Go to the first, previous, next, last section, table of contents.

Describing the Encoding

A terminal command string that requires parameters contains special character sequences starting with `%' to say how to encode the parameters. These sequences control the actions of tparam and tgoto.

The parameters values passed to tparam or tgoto are considered to form a vector. A pointer into this vector determines the next parameter to be processed. Some of the `%'-sequences encode one parameter and advance the pointer to the next parameter. Other `%'-sequences alter the pointer or alter the parameter values without generating output.

For example, the `cm' string for a standard ANSI terminal is written as `\E[%i%d;%dH'. (`\E' stands for ESC.) `cm' by convention always requires two parameters, the vertical and horizontal goal positions, so this string specifies the encoding of two parameters. Here `%i' increments the two values supplied, and each `%d' encodes one of the values in decimal. If the cursor position values 20,58 are encoded with this string, the result is `\E[21;59H'.

First, here are the `%'-sequences that generate output. Except for `%%', each of them encodes one parameter and advances the pointer to the following parameter.

Output a single `%'. This is the only way to represent a literal `%' in a terminal command with parameters. `%%' does not use up a parameter.
As in printf, output the next parameter in decimal.
Like `%02d' in printf: output the next parameter in decimal, and always use at least two digits.
Like `%03d' in printf: output the next parameter in decimal, and always use at least three digits. Note that `%4' and so on are not defined.
Output the next parameter as a single character whose ASCII code is the parameter value. Like `%c' in printf.
Add the next parameter to the character char, and output the resulting character. For example, `%+ ' represents 0 as a space, 1 as `!', etc.

The following `%'-sequences specify alteration of the parameters (their values, or their order) rather than encoding a parameter for output. They generate no output; they are used only for their side effects on the parameters. Also, they do not advance the "next parameter" pointer except as explicitly stated. Only `%i', `%r' and `%>' are defined in standard Unix termcap. The others are GNU extensions.

Increment the next two parameters. This is used for terminals that expect cursor positions in origin 1. For example, `%i%d,%d' would output two parameters with `1' for 0, `2' for 1, etc.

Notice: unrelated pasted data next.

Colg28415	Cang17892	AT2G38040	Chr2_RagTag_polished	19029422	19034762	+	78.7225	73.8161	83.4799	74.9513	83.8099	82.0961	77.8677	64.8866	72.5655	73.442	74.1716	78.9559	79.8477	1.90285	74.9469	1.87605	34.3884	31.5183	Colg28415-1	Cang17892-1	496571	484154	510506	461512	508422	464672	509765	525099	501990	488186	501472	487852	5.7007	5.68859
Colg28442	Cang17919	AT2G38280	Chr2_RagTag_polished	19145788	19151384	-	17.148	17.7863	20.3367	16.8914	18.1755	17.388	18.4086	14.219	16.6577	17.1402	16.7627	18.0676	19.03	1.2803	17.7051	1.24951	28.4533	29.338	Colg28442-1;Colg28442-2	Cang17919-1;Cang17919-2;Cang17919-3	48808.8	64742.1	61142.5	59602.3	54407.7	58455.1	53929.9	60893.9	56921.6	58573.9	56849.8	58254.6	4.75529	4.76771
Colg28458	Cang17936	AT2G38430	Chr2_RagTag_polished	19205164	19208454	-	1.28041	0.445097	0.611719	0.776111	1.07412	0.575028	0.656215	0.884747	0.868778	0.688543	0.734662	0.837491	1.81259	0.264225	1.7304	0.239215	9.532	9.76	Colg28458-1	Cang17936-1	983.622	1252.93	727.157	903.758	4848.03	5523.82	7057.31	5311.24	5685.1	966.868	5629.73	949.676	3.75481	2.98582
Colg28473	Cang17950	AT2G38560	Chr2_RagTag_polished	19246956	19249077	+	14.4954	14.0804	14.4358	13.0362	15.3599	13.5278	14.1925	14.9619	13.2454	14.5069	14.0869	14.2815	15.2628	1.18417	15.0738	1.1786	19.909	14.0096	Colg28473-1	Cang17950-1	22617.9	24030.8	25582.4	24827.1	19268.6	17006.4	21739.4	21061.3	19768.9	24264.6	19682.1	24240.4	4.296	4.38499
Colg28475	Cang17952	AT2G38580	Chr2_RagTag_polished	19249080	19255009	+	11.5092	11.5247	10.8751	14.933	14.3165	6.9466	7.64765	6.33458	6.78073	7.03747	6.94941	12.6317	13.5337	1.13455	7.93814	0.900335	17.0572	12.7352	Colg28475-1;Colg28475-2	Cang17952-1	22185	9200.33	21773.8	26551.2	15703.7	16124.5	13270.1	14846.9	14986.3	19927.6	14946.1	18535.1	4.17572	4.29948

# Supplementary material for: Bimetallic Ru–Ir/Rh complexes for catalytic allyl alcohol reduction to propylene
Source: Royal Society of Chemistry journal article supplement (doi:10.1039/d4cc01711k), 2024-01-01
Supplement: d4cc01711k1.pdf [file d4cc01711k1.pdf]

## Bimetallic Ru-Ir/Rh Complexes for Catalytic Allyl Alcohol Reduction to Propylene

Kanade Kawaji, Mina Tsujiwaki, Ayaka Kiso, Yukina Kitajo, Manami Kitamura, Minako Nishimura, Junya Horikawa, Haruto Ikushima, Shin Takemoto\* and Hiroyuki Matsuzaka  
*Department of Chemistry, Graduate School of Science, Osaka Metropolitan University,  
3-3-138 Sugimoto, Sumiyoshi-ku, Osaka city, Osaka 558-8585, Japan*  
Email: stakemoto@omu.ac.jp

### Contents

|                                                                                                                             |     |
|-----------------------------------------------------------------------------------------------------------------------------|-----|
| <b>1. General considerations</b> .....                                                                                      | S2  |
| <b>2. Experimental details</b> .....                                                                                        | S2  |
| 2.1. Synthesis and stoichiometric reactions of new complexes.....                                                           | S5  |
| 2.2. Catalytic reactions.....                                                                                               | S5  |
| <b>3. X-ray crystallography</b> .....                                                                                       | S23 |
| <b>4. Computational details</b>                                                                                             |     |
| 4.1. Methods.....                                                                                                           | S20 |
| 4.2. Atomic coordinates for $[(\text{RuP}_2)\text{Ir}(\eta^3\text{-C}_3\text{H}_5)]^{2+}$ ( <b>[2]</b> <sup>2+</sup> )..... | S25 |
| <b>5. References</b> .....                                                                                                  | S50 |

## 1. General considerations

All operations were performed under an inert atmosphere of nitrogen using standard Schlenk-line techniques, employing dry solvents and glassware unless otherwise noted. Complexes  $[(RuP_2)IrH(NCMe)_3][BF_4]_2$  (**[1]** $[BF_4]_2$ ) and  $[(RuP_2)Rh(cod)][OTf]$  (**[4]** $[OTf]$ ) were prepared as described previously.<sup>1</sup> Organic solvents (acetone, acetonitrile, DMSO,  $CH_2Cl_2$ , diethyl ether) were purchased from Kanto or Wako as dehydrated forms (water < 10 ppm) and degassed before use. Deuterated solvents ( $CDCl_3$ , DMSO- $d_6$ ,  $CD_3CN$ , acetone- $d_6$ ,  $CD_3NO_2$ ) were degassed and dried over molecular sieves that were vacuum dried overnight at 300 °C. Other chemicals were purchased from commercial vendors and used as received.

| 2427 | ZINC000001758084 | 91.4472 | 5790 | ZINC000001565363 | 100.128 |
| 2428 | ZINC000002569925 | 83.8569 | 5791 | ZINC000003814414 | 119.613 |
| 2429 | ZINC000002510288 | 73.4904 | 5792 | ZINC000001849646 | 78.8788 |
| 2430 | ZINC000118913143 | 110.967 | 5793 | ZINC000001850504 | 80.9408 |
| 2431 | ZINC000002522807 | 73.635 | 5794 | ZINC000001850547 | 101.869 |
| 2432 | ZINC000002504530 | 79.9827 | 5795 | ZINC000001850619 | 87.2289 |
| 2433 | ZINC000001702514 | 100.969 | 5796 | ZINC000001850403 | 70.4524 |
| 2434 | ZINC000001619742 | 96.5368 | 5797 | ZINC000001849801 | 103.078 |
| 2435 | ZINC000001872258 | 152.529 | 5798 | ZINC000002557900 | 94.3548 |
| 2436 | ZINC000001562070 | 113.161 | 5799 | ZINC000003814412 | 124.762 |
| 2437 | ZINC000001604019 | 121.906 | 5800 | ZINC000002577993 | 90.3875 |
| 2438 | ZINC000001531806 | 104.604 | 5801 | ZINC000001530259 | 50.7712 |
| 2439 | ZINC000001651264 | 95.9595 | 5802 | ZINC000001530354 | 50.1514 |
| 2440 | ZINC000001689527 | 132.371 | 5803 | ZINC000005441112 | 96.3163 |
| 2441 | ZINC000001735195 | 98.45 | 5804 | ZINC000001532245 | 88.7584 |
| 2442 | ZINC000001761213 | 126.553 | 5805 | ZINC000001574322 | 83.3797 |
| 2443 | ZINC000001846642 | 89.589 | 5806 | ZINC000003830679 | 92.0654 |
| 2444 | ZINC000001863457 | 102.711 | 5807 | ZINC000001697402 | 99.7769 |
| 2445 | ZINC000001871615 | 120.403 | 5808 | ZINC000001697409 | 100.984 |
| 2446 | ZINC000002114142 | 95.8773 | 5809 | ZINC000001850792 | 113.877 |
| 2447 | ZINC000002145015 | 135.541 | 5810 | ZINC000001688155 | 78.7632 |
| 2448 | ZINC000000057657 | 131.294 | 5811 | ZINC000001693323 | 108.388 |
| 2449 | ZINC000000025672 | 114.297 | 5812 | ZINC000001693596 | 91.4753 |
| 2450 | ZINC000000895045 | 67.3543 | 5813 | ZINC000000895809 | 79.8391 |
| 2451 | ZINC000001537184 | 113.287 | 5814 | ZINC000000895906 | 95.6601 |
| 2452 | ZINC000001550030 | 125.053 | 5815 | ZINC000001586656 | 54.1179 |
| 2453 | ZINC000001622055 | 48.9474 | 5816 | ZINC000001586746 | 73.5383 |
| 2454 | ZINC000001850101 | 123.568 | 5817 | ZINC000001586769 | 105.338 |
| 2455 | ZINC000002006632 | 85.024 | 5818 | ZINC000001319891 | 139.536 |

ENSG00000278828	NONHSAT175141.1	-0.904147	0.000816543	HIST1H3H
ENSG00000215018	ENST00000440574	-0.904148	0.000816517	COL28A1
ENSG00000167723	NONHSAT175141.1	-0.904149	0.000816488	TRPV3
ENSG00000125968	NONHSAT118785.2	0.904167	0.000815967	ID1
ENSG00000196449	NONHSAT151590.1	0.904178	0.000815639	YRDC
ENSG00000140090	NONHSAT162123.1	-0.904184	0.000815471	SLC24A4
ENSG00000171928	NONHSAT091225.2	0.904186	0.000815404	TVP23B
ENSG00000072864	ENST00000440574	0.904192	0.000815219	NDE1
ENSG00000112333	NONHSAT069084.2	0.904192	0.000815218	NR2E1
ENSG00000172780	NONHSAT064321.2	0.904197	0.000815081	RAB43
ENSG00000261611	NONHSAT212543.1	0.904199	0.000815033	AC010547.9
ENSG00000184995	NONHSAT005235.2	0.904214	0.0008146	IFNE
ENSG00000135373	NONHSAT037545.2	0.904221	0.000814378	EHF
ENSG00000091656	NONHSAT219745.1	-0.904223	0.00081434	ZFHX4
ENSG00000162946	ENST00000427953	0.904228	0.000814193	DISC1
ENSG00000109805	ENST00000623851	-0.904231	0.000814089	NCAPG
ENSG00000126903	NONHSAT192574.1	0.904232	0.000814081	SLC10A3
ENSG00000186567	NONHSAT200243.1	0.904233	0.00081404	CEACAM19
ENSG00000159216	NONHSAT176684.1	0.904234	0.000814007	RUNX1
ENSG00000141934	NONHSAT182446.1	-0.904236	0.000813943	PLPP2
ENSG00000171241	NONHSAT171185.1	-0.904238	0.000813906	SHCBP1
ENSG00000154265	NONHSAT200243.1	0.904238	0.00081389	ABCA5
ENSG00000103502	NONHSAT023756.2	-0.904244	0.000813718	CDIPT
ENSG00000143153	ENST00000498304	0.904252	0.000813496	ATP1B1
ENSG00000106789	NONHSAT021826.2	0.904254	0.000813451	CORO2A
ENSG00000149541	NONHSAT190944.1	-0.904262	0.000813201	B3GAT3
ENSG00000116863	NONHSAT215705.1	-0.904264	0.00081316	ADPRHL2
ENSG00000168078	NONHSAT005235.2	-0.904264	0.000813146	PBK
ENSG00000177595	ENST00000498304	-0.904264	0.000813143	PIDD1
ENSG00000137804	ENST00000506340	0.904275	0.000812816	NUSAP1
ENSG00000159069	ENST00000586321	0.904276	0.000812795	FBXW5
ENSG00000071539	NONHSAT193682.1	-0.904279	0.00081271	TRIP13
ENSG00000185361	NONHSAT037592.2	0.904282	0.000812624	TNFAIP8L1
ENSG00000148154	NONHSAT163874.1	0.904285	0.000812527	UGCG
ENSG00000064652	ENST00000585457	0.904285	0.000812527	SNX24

Interchange the next two parameters. This is used for terminals whose cursor positioning command expects the horizontal position first.
Skip the next parameter. Do not output anything.
Back up one parameter. The last parameter used will become once again the next parameter to be output, and the next output command will use it. Using `%b' more than once, you can back up any number of parameters, and you can refer to each parameter any number of times.
Conditionally increment the next parameter. Here c1 and c2 are characters which stand for their ASCII codes as numbers. If the next parameter is greater than the ASCII code of c1, the ASCII code of c2 is added to it.
`%a op type pos'
Perform arithmetic on the next parameter, do not use it up, and do not output anything. Here op specifies the arithmetic operation, while type and pos together specify the other operand. Spaces are used above to separate the operands for clarity; the spaces don't appear in the data base, where this sequence is exactly five characters long. The character op says what kind of arithmetic operation to perform. It can be any of these characters:
assign a value to the next parameter, ignoring its old value. The new value comes from the other operand.
add the other operand to the next parameter.
subtract the other operand from the next parameter.
multiply the next parameter by the other operand.
divide the next parameter by the other operand.
The "other operand" may be another parameter's value or a constant; the character type says which. It can be:
Use another parameter. The character pos says which parameter to use. Subtract 64 from its ASCII code to get the position of the desired parameter relative to this one. Thus, the character `A' as pos means the parameter after the next one; the character `?' means the parameter before the next one.
Use a constant value. The character pos specifies the value of the constant. The 0200 bit is cleared out, so that 0200 can be used to represent zero.

The following `%'-sequences are special purpose hacks to compensate for the weird designs of obscure terminals. They modify the next parameter or the next two parameters but do not generate output and do not use up any parameters. `%m' is a GNU extension; the others are defined in standard Unix termcap.

Exclusive-or the next parameter with 0140, and likewise the parameter after next.
Complement all the bits of the next parameter and the parameter after next.
Encode the next parameter in BCD. It alters the value of the parameter by adding six times the quotient of the parameter by ten. Here is a C statement that shows how the new value is computed:
parm = (parm / 10) * 16 + parm % 10;
Transform the next parameter as needed by Delta Data terminals. This involves subtracting twice the remainder of the parameter by 16.
parm -= 2 * (parm % 16);

Go to the first, previous, next, last section, table of contents.